"On November 26, 1999, about 1053 eastern standard time, a Beechcraft S35, N8992M, was destroyed when it impacted a building in a residential area. The certificated airline transport pilot and the two passengers received fatal injuries. In addition, 22 individuals on the ground received varying degrees of injuries, from minor cuts to third degree burns. Instrument meteorological condition prevailed, and an IFR flight plan was filed for the personal flight, conducted under 14 CFR Part 91, that departed Linden, New Jersey, about 1049. A review of ATC communication tapes revealed that after departing Linden, the pilot contacted New York Departure Control and was instructed to turn left to a heading of 010 degrees, and climb to 5,000 feet msl. A few seconds later, the controller revised the clearance, and instructed the pilot to maintain 2,000 feet. Thirty-five seconds after that, the controller instructed the pilot to turn left to a heading of 270 degrees, to which the pilot did not reply. The controller then reissued the heading, and the pilot responded, "I have a problem." The controller inquired about the problem and the pilot responded, "I have a gyro problem, maybe some water got in it." During the next 1 minute and 22 seconds, two more transmissions were received from the pilot. In both cases, he stated, "I have a problem," but no further explanation was given to the nature of the problem. Approximately 2 minutes after the pilot initially reported difficulties, the airplane impacted a building. Examination of radar data showed a target using the assigned transponder code heading east at 1,100 feet when the pilot first reported a problem. Over the next 2 minutes, the target's ground track changed from east, to north, to northeast, to northwest, and then back to north. During the 20 seconds before impact, the target climbed from 2,100 feet to 2,700 feet, and then began about a 7,800 foot-per-minute descent. The airplane impacted an abandoned three-story brick building, approximately wings level, leaving a debris path over 600 feet long. Initial examination of both the engine and airframe revealed no pre-impact failure or malfunctions. Three gyros, two gyro cases, and a standby vacuum pump clutch assembly have been retained for further examination."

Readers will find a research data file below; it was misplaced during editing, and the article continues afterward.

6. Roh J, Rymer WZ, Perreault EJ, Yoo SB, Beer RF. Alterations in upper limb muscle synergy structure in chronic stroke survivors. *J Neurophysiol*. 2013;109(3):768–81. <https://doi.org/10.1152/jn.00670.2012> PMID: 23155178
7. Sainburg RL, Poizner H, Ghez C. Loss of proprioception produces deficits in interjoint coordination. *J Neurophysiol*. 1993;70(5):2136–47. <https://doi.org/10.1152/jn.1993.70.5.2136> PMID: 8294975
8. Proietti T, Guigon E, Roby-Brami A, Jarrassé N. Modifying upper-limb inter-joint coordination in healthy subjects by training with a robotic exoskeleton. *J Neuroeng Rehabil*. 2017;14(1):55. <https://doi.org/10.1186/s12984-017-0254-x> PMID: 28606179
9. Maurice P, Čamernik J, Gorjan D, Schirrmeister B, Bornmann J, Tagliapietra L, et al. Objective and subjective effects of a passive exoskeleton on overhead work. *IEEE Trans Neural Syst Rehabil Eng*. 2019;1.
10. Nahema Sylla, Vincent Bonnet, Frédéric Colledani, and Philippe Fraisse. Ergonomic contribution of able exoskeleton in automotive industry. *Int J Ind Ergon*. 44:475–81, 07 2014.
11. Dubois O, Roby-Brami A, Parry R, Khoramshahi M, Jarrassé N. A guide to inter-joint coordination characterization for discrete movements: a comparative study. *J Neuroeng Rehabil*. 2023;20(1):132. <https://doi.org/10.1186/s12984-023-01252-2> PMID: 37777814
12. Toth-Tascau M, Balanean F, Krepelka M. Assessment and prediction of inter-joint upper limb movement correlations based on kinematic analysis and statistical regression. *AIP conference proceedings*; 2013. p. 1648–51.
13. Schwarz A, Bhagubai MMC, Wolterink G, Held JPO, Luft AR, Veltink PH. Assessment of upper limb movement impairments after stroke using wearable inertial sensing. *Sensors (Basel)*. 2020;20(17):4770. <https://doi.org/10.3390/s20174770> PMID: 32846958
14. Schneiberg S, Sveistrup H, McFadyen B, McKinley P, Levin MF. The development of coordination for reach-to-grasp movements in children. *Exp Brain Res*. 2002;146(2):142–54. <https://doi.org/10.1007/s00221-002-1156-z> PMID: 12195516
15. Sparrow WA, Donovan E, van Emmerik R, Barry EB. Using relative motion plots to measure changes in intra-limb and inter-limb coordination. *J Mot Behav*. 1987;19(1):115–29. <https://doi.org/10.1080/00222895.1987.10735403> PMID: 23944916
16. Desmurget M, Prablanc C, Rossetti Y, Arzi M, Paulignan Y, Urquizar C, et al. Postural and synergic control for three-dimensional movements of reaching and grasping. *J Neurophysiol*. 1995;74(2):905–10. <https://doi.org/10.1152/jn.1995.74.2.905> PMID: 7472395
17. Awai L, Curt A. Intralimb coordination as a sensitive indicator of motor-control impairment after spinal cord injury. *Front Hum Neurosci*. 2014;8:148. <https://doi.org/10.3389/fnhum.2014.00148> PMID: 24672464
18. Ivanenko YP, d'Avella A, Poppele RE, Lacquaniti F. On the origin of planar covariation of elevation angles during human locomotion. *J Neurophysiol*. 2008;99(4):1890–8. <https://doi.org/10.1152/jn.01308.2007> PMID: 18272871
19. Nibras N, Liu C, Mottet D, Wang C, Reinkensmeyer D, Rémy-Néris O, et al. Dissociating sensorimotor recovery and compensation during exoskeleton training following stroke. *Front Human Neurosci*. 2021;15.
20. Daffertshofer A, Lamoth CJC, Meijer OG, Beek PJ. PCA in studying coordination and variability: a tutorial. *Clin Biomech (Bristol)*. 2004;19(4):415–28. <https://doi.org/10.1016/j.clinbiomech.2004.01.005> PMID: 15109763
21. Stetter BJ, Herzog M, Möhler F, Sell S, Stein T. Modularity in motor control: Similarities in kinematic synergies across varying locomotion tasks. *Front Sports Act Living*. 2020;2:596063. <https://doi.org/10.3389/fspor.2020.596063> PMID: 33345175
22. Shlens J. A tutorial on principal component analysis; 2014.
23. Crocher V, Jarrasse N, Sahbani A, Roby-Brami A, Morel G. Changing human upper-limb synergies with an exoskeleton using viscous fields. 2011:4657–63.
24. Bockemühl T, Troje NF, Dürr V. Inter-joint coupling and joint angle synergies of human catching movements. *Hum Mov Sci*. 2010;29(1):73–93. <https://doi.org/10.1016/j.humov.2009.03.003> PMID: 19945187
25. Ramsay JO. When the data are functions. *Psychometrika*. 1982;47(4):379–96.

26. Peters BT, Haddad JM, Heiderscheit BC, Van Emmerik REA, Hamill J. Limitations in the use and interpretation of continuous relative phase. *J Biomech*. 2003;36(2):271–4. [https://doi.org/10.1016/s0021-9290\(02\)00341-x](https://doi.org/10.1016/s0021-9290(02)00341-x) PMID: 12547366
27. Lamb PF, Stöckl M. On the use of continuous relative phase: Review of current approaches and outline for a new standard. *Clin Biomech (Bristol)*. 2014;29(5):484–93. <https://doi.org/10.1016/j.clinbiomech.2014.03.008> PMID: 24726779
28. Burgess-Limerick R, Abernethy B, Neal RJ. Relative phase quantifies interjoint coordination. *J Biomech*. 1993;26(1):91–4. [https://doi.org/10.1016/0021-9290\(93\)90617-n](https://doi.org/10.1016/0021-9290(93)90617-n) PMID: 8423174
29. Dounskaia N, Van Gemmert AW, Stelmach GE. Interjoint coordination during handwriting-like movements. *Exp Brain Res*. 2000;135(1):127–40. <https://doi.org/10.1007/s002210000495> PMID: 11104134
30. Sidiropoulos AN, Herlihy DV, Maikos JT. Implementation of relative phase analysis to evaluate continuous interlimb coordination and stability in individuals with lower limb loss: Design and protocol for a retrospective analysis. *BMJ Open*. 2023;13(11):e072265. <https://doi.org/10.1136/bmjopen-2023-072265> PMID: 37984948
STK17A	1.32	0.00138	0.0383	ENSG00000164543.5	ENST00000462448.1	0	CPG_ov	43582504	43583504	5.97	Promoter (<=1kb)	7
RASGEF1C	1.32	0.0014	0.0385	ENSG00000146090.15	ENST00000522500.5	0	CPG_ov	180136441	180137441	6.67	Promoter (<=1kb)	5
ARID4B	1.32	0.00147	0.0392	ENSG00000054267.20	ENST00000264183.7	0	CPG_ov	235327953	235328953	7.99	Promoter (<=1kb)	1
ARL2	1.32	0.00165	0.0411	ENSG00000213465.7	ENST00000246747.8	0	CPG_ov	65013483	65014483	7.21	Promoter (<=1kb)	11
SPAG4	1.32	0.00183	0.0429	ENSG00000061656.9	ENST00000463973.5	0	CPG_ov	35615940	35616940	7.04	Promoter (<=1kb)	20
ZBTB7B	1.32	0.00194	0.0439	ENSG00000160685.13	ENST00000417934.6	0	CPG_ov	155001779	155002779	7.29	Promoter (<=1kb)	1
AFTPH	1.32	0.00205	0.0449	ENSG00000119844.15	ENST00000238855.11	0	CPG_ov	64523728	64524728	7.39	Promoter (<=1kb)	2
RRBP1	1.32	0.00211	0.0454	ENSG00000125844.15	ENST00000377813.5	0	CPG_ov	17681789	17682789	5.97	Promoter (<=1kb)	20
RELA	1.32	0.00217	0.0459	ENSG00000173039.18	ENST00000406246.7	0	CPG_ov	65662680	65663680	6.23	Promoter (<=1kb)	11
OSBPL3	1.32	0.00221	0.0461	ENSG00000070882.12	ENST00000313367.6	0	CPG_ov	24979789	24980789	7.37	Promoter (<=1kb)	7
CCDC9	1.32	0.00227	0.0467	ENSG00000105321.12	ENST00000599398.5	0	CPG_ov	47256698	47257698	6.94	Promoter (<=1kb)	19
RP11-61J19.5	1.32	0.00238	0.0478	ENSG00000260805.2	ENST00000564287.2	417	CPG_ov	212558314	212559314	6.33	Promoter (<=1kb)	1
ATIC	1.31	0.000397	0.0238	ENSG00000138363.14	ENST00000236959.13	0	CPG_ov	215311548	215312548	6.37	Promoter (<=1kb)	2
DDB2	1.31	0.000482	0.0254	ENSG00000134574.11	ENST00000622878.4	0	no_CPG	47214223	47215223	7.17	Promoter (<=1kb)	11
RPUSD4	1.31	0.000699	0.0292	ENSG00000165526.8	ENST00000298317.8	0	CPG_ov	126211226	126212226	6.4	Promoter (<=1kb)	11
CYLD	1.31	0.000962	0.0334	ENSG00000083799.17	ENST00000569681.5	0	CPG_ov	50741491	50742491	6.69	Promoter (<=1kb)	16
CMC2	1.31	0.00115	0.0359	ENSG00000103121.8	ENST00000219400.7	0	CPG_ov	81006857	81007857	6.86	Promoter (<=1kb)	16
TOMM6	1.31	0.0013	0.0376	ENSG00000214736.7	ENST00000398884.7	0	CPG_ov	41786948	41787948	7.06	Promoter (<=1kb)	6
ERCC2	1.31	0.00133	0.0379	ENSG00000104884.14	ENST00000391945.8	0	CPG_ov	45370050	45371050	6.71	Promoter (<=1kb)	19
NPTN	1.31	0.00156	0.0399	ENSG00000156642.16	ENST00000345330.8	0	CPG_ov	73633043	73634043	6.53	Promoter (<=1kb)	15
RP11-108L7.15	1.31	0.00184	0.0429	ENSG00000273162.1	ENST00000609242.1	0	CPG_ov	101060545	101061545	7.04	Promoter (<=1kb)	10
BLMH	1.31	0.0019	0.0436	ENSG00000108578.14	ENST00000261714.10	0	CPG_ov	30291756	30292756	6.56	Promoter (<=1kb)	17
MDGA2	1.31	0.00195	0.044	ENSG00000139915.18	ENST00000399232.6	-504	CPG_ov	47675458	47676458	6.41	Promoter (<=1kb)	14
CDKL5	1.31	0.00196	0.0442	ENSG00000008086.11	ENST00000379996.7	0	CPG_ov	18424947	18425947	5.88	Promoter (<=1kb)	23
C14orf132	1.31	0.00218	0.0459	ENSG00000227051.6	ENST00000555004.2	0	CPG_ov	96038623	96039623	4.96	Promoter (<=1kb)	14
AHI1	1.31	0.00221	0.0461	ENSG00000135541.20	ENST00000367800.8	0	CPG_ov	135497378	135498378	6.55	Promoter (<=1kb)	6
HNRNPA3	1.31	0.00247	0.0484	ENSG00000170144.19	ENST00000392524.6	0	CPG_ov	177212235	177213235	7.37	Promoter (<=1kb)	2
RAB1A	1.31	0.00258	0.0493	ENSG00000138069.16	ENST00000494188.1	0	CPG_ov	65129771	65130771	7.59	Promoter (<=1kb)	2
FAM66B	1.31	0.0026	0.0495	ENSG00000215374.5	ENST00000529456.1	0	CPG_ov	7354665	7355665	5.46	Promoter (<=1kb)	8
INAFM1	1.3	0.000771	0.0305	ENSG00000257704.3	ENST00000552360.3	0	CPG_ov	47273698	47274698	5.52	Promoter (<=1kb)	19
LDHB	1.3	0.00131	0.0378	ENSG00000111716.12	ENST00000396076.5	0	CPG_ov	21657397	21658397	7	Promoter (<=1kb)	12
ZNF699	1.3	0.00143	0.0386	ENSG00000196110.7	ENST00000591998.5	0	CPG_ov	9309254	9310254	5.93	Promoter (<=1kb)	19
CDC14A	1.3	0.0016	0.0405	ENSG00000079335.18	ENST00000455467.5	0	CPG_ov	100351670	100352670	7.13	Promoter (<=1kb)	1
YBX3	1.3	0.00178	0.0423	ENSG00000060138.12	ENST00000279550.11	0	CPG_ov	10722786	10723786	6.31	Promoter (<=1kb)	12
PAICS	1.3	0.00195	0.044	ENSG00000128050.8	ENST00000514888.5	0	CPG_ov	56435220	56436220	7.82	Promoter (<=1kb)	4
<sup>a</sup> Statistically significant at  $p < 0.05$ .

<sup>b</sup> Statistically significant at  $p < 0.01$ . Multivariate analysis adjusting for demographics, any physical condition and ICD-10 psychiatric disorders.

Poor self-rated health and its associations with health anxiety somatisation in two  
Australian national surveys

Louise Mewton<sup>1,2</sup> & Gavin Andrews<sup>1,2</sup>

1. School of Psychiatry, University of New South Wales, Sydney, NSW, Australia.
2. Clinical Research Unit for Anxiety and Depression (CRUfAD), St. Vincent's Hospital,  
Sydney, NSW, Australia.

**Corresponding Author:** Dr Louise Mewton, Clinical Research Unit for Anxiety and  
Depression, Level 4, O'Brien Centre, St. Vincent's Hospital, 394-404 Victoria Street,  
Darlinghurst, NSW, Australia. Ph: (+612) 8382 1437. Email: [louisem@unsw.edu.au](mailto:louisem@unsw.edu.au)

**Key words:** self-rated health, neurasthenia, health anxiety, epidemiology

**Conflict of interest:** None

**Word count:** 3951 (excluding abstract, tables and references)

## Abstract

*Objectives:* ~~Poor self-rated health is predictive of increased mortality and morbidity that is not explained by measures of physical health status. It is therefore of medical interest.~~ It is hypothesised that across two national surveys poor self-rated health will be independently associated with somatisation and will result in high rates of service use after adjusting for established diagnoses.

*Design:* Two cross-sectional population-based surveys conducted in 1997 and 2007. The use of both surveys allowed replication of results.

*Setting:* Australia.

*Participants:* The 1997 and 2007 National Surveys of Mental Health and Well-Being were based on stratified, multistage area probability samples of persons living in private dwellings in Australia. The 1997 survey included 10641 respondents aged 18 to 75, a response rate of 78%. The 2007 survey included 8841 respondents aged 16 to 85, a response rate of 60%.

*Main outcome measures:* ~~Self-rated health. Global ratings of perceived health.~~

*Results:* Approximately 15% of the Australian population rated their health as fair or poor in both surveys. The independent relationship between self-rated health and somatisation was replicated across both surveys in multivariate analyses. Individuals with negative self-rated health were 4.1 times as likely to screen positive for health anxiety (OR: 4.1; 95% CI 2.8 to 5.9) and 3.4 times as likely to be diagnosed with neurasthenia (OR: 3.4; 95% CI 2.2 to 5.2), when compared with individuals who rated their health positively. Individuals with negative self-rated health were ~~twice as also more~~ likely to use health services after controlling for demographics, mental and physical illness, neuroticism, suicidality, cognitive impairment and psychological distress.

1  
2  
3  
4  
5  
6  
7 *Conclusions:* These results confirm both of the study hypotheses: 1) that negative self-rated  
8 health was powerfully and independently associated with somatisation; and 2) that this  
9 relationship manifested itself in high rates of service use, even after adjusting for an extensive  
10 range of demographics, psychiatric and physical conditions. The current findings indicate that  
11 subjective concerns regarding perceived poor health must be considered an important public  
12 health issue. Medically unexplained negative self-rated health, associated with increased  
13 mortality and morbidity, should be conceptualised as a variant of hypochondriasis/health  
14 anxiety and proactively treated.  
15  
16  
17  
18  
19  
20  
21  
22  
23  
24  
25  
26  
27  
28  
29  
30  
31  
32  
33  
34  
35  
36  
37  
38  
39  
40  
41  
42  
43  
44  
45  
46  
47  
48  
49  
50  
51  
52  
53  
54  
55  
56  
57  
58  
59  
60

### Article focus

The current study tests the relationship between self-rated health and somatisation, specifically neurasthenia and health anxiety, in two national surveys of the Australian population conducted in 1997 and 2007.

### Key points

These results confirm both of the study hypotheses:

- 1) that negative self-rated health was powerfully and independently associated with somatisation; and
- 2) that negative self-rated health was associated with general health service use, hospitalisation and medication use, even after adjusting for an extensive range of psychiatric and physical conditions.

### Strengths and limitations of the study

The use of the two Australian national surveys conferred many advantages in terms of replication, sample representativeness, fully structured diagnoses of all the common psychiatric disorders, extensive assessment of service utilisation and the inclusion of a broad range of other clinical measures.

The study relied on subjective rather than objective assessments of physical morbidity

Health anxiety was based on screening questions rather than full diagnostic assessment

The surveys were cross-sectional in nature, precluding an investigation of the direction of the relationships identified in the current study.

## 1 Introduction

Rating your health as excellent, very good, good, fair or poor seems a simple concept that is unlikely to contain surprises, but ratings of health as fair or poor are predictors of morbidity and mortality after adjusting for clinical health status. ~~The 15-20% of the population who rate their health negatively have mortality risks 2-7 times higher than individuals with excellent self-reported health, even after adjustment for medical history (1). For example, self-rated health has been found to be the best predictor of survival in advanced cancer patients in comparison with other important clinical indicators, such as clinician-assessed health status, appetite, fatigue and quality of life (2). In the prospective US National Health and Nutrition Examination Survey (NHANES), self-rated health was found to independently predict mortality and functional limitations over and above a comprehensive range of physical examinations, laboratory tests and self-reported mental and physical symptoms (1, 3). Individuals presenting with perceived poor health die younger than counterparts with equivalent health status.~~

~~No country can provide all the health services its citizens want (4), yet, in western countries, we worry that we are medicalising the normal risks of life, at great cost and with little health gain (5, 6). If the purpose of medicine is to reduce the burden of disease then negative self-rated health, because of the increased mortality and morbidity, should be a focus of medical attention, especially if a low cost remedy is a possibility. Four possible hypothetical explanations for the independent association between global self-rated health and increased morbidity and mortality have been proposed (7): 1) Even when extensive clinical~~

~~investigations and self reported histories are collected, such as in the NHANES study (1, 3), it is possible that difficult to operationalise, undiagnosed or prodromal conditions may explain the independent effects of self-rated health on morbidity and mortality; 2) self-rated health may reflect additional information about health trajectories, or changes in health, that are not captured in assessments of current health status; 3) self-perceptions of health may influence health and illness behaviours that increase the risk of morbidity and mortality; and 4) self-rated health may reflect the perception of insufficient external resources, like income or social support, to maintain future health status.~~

Dr. Itzhak Jacoby, 53, took off in IFR conditions but not particularly bad weather. He had a gyro failure and lost control of the plane. Nobody knows if that's the only problem, but that's the only one he reported. What's wrong with the news reports?
First, it was a Bonanza, a single-engine 4-seat plane and not a commuter airline.
Second, I suspect the airport employees who warned him not to go had a lot less experience than he did. Even so, it's not unusual for someone at a small airport to say, "Did you check the weather?" or "Those clouds are looking kind of low" or "Run for it! It's a tornado!!!" or something like that just to be helpful. Airport employees aren't official weather briefers and generally don't pretend to be. And official weather briefers don't tell you whether or not to takeoff even if you ask. They're not allowed to.
Third, the reporters tried to make it sound like some dummy took off into bad weather and crashed as a result. This happens so often it's not surprising they thought this, but they shouldn't have reported it that way without finding out.
Jacoby was no slouch. He had an Airline Transport Pilot rating. He was a core flight instructor for the American Bonanza Society "Bonanza Pilot Proficiency Program." He was considered a conservative, very knowledgeable pilot. He placed emphasis on partial-panel practice (simulated instrument failure) when he gave IFR check rides.